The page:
French president Emmanuel Macron warned yesterday that “we’re losing” the fight against climate change. Macron was hosting the One Planet summit in Paris, where he was joined by the president of the World Bank Jim Yong Kim and the secretary-general of the United Nations, António Guterres.
Timeline for Going green
We’re not moving quickly enough.
However the event saw global leaders and organisations make pledges to step up what they’re doing to fight climate change.
Here’s what was promised at the One Planet Summit yesterday
The World Bank announced that it would stop financing oil and gas exploration and extraction from 2019 and that it will “publish a yearly index of greenhouse gas-related projects it provides funding for and will price in carbon costs when it comes to assessing future investments”.
The Bank added that it plans to have 28 percent of its lending going to climate action by 2020.
The European commission will give £8bn of funding for action on climate change, contributing to the fund in the External Investment Plan, which will go towards clean energy and sustainable cities and agriculture.
According to Miguel Arias Cañete, the commissioner for climate action and energy for the EU, the Paris Agreement had already led to more investment towards combatting global warming.
These kinds of investments are of critical importance if we are to move from aspirations to action. The EU’s plan will scale up much-needed investments across Africa and the EU neighbourhood region.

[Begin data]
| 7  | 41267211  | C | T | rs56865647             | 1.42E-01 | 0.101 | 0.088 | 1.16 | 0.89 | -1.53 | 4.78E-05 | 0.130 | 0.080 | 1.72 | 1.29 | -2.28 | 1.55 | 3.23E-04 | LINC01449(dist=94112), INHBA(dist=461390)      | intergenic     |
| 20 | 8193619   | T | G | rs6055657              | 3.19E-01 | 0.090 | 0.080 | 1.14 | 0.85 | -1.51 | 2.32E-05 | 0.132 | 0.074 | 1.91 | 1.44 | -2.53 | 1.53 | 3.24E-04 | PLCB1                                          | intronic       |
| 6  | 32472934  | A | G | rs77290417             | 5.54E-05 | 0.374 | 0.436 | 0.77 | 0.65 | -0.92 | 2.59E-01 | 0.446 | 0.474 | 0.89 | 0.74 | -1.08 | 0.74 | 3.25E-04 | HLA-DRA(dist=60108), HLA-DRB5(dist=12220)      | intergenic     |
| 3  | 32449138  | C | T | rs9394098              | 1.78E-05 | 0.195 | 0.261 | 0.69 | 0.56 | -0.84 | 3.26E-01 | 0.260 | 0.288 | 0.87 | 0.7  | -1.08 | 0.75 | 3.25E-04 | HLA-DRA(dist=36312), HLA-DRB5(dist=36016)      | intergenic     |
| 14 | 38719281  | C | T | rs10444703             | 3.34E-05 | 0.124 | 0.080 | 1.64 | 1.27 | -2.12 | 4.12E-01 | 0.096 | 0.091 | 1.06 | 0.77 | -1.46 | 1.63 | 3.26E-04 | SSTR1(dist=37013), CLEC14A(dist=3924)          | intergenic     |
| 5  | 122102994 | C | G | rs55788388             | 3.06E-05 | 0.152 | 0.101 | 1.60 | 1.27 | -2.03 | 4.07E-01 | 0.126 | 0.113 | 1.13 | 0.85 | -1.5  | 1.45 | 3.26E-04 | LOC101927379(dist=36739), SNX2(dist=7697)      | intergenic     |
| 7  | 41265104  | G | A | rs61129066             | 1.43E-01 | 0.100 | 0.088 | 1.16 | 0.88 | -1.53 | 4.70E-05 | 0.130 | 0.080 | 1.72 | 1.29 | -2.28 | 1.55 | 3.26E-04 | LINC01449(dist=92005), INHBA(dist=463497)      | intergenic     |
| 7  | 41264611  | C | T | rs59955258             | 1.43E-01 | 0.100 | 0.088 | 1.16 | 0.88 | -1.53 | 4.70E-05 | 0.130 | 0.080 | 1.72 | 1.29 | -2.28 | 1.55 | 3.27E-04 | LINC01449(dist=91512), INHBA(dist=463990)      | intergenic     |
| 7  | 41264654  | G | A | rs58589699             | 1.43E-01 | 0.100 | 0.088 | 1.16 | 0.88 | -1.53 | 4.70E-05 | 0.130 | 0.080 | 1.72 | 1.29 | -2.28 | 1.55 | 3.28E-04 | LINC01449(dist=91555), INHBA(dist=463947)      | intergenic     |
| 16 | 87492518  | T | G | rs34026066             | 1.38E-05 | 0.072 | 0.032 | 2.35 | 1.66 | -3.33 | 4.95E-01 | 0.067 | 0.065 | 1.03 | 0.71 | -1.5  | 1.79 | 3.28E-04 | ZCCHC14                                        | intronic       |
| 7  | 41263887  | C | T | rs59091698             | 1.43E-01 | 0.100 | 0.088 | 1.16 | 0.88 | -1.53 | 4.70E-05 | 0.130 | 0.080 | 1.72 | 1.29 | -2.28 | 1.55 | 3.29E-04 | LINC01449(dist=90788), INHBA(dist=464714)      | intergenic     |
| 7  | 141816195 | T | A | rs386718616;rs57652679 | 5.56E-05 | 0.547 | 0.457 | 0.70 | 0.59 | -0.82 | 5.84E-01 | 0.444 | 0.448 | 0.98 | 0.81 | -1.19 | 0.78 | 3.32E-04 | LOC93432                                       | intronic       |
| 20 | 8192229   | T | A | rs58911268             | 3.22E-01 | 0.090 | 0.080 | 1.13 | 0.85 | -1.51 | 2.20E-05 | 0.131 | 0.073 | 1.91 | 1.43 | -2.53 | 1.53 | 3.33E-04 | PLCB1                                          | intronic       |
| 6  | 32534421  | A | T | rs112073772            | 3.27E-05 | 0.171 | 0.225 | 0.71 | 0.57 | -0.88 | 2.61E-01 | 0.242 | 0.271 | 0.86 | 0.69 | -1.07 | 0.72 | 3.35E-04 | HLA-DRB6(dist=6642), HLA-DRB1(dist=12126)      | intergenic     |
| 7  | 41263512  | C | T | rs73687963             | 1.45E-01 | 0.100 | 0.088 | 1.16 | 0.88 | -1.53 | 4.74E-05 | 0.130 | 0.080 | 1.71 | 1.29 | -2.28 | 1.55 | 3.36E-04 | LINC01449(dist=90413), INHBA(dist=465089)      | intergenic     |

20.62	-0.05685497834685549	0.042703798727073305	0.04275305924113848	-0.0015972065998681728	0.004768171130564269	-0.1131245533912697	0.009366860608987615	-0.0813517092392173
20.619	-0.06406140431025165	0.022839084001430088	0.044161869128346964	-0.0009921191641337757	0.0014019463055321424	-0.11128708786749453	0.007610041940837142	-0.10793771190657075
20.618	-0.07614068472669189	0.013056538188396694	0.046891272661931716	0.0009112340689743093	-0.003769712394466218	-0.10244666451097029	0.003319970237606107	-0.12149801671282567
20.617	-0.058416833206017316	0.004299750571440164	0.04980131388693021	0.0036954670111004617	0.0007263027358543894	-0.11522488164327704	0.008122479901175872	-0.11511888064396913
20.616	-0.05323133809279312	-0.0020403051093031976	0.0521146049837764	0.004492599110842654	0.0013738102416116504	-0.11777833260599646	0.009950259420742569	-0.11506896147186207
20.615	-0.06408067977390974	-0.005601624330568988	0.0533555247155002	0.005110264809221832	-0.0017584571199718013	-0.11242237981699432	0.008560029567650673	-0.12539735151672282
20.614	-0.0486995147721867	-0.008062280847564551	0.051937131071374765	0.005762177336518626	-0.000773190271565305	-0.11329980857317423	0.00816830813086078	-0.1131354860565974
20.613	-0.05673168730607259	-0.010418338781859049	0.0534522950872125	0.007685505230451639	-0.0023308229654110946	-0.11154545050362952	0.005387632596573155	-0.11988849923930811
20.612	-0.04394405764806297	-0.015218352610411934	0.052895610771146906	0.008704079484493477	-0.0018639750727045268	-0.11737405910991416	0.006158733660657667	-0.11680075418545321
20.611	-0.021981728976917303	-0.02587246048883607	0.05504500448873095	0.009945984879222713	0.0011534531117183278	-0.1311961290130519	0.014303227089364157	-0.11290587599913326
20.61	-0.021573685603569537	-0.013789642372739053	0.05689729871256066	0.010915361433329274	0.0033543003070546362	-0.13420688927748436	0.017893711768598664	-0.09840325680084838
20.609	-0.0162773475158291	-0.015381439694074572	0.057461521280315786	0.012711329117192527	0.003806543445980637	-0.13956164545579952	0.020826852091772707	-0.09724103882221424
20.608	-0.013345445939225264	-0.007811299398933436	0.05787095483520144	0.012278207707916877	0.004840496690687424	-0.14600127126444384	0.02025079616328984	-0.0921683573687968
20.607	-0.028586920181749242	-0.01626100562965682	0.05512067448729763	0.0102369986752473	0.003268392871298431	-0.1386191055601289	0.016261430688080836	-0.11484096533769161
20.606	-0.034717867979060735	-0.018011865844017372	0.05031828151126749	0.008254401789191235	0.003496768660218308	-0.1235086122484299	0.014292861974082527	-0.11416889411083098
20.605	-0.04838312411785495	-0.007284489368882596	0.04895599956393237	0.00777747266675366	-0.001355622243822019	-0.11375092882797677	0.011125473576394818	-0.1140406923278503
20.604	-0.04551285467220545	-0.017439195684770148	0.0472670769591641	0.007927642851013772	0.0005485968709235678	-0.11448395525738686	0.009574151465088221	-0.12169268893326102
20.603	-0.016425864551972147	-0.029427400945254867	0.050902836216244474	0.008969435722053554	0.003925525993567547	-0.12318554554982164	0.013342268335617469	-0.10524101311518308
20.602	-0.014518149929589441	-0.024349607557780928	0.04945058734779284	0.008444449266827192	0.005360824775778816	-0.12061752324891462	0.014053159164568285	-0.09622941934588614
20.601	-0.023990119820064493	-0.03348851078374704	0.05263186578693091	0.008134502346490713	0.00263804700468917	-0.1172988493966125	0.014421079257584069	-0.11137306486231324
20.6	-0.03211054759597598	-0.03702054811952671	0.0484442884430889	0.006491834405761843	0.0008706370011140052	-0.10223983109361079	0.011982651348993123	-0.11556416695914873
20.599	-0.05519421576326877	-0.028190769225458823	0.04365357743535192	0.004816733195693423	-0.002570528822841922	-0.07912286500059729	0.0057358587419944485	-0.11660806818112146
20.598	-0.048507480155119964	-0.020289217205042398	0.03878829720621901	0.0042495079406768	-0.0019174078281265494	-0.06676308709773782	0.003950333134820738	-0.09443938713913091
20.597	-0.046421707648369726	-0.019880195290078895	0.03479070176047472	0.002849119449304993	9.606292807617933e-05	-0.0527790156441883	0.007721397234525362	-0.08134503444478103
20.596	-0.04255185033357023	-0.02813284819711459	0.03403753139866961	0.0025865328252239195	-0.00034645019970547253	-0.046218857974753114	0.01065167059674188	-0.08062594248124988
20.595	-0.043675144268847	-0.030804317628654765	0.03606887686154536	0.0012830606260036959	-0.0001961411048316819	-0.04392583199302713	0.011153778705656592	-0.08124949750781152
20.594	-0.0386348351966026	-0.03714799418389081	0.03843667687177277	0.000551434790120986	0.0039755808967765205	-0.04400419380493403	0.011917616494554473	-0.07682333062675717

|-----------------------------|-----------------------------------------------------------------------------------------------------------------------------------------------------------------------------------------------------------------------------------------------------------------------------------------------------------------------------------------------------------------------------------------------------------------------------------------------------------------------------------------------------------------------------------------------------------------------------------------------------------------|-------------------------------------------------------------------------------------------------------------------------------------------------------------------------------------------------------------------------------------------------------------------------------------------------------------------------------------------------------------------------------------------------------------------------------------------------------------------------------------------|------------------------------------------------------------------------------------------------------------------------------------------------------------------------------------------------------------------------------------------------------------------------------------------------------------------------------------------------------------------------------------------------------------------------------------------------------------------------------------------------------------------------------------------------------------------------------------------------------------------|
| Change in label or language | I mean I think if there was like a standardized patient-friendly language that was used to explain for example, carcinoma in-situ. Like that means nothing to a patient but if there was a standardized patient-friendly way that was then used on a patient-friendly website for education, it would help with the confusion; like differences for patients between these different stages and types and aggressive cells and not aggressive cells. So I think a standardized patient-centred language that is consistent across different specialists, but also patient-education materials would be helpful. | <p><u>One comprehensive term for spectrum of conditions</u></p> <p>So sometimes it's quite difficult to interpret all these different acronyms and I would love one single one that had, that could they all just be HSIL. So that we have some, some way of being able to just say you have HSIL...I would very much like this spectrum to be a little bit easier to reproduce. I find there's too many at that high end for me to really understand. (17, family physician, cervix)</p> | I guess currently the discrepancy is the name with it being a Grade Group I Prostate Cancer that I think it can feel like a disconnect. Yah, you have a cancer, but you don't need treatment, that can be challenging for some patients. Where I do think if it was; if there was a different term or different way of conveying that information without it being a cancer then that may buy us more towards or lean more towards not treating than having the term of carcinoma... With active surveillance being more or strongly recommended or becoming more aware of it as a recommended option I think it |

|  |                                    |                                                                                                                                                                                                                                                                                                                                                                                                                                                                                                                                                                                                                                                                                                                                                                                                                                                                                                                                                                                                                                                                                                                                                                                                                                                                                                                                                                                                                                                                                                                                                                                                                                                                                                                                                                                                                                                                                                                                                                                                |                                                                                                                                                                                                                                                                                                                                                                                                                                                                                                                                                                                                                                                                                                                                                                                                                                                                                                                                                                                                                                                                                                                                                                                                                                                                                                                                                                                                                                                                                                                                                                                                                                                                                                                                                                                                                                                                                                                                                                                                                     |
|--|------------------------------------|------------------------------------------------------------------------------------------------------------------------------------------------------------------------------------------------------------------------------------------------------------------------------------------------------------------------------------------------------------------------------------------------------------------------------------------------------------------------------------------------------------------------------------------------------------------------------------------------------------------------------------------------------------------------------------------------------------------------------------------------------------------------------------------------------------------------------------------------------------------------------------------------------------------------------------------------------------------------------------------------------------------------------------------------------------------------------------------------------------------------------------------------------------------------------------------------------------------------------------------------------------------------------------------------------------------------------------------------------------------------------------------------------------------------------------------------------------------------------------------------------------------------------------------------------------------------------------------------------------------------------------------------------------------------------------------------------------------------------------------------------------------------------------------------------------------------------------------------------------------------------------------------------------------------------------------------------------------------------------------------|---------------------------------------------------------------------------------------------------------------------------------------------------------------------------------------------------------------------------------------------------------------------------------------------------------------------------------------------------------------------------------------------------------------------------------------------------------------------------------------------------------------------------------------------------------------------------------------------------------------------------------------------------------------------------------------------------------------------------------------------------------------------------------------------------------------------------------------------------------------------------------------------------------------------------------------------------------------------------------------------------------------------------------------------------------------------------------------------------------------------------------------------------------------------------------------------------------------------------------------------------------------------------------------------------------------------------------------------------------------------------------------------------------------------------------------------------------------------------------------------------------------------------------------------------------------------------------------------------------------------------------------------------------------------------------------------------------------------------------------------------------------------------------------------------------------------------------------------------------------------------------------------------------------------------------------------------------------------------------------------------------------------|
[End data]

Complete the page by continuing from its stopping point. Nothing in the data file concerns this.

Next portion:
UK prime minister Theresa May pledged £140m to poor countries in order to help them adapt and protect themselves against the damages of climate change, meanwhile the French Development Agency signed agreements worth 30m euros with several African states to fund similar means of protection and help them in their fight against climate change.
US president Donald Trump was not invited to the summit following his withdrawal from the Paris Agreement though Michael Bloomberg, former Mayor of New York and chief executive of Bloomberg LP, said:
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The fact that president Trump has a different view has been a rallying cry for the pro-environmentalists groups. And that has been very helpful. There is not a thing Washington can do to stop it.
The Gates Foundation made a pledge of $315m to help those in Africa and other poor parts of the world develop infrastructure and adapt to global warming, specifically in the agricultural sector, protecting farms from droughts and floods.
French insurance company Axa announced plans to halt any investment in companies in the coal industry and would withdraw around $2.9bn worth of funding.
Mark Carney, the governor of the Bank of England, discussed a new initiative in place to help the development of a low-carbon economy through persuading business to reveal their exposure to climate change risks. Some 240 companies with a combined market share of $6.3tn are backing the scheme.
A further 200 companies and investors, including London-based bank HSBC, have agreed to pressure the world’s most polluting companies into reducing their emissions, with targets set on companies such as BP, Airbus, Ford, and several mining groups.
US tech giant Microsoft announced plans to spend $50m on artificial intelligence technologies designed to protect against climate change through providing clean energy and cuts to greenhouse gases.
One Planet Summit comes two years after global leaders signed the Paris Agreement at COP21.